“Blue sky” was the slightly mysterious term used by Seton’s Woodcraft League. It’s inclusion by Seton in lambasting West was no accident. But what is its meaning? Last fall I was copied an email discussion of this by two close observers of Scouting history, Nelson Block and Todd Plotner who took an interest in Seton’s 1915 exit from BSA. According to Mr. Plotner:

“The subtlety of the "blue sky" quote is interesting.  Although I'm far from certain, because the "Watch Words" for Woodcraft were "Blue Sky", it is possible to read that line in two different ways:  (1) West has never even gone outside and has no idea how an outdoor program works or (2) West has never seen the spiritual side of Woodcraft.  Clause (2) is somewhat more generous.”

As to the first possible meaning suggested by Mr. Plotner, slamming West for not being a blue sky outdoorsman was a cheap shot (or a spiteful one) by Seton. West, who had spent much of his boyhood in an orphanage, had a significant physical disability making walking difficult. He could never be a wilderness explorer like Seton or an active camping leader like Beard. Accusing him of not having contact with boys was factually incorrect. He had raised himself up from the most unpromising life circumstances (more difficult than what Seton overcame) to make a stellar career of youth activism on several fronts including advocacy for a juvenile justice system before joining BSA. 

The second criticism, a philosophical critique of West not understanding the spiritual context of nature and the outdoors is, I believe, much more damning, at least from Seton’s perspective: West is interested in paper shuffling and rule making and legal issues more than getting kids outside. West does not understand the communitarian values of service (based on American Indian tradition) nor the essential spiritual renewal that comes from connection with nature. “Blue sky” encompasses the mystical element inherent to contact with wild nature. Maybe. But while Seton and Beard were outdoors happily camping, someone really was needed to mind matters back at the office.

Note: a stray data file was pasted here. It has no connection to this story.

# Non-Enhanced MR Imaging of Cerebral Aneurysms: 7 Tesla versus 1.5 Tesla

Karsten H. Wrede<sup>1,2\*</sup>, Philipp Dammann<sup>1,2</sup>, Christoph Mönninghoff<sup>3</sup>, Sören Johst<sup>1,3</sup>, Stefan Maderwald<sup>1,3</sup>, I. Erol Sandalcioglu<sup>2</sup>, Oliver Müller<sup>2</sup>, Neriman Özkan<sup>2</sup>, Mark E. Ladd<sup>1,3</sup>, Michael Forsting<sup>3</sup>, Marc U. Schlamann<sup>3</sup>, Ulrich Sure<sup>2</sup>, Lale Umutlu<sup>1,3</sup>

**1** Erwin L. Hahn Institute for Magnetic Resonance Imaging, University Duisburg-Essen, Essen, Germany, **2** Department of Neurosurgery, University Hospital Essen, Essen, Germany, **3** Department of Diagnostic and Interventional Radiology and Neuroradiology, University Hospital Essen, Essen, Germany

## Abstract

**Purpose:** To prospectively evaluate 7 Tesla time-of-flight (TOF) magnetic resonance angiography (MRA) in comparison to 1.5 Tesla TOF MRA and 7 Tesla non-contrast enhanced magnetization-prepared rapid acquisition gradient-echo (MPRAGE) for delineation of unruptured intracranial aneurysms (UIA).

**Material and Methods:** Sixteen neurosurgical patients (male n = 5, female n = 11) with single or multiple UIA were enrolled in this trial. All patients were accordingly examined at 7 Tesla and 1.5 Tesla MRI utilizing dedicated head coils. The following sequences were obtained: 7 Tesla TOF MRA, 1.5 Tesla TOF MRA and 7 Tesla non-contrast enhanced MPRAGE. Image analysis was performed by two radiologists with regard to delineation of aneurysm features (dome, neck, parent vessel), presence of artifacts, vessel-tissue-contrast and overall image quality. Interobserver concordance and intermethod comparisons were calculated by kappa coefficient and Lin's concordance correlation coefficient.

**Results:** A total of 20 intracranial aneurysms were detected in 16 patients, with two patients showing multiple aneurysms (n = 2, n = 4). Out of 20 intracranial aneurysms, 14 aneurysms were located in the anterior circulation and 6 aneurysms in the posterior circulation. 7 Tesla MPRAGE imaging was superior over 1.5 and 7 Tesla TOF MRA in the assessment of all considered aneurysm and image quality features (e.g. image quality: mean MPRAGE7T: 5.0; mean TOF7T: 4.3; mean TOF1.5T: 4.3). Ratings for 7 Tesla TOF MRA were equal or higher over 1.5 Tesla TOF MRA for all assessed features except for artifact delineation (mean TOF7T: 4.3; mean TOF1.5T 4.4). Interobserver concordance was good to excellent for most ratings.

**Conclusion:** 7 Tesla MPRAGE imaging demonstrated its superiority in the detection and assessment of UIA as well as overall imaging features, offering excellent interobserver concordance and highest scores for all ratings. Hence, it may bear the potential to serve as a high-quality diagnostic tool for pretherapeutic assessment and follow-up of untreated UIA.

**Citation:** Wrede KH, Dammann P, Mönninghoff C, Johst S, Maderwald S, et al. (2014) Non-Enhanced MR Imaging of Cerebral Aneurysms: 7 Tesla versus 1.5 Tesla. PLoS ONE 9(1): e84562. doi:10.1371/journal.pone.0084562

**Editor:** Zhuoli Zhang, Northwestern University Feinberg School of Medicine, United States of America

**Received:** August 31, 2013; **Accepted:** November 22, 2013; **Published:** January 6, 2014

West came to represent for Seton a destruction of his dream of leading the outdoors education movement. More specifically, Seton wanted to be recognized as the spiritual father of Scouting, although he was happy enough to let others do the hard work of institution building (e.g. West). He meant to hurt West, and given several vengeful actions West subsequently took, Seton must have managed to wound him deeply. (Mr. Block commented: My study of the lives of West and Seton has made me an admirer of them both, though I must say I’m glad neither was my dad. Based on my work on Urner Goodman’s career, I have the impression that one of the jobs of the senior men at the old BSA national office during Dr. West’s tenure was to clean up relationships.  West ‘got things done’ but Goodman, Schuck and others ‘kept things going’”)

My thought is that Mr. Plotner’s interpretation of the two meanings of “Blue Sky” are both correct, although whether in the moment Seton meant to emphasize one or the other (or something else) will remain unknown. Although the use of “Blue Sky” was intentional, Seton may not have worked out the subtle implications in advance. Our later interpretations of statements made by literary figures may be more accurate that the author’s own conscious intent at the time. In the end, Seton and West were both highly successful in delivering devastating blows to the other. Lost in this fight were the interests of the children they were trying to serve, although both of them would have argued against my statement, saying they were solely motivated by what was best for children. And while Seton and West made America (and the world) better for their contributions, in their war of personality, they were rather more selfish than altruistic.

Wishing Blue Skies to all!

*For more insight into the quarrelsome and fascinating events of 1910-1915 see The Scouting Party by Dave Scott and Brendan Murphy; Ernest Thompson Seton: Man in Nature and the Progressive Era, by John Wadland; Ernest Thompson Seton, Founder of the Woodcraft Movement by Brian Morris; and Ernest Thompson Seton, The Life and Legacy of an Artist and Conservationist by David L. Witt - all available in the Seton Library at the Academy for the Love of Learning, Seton Village, Santa Fe.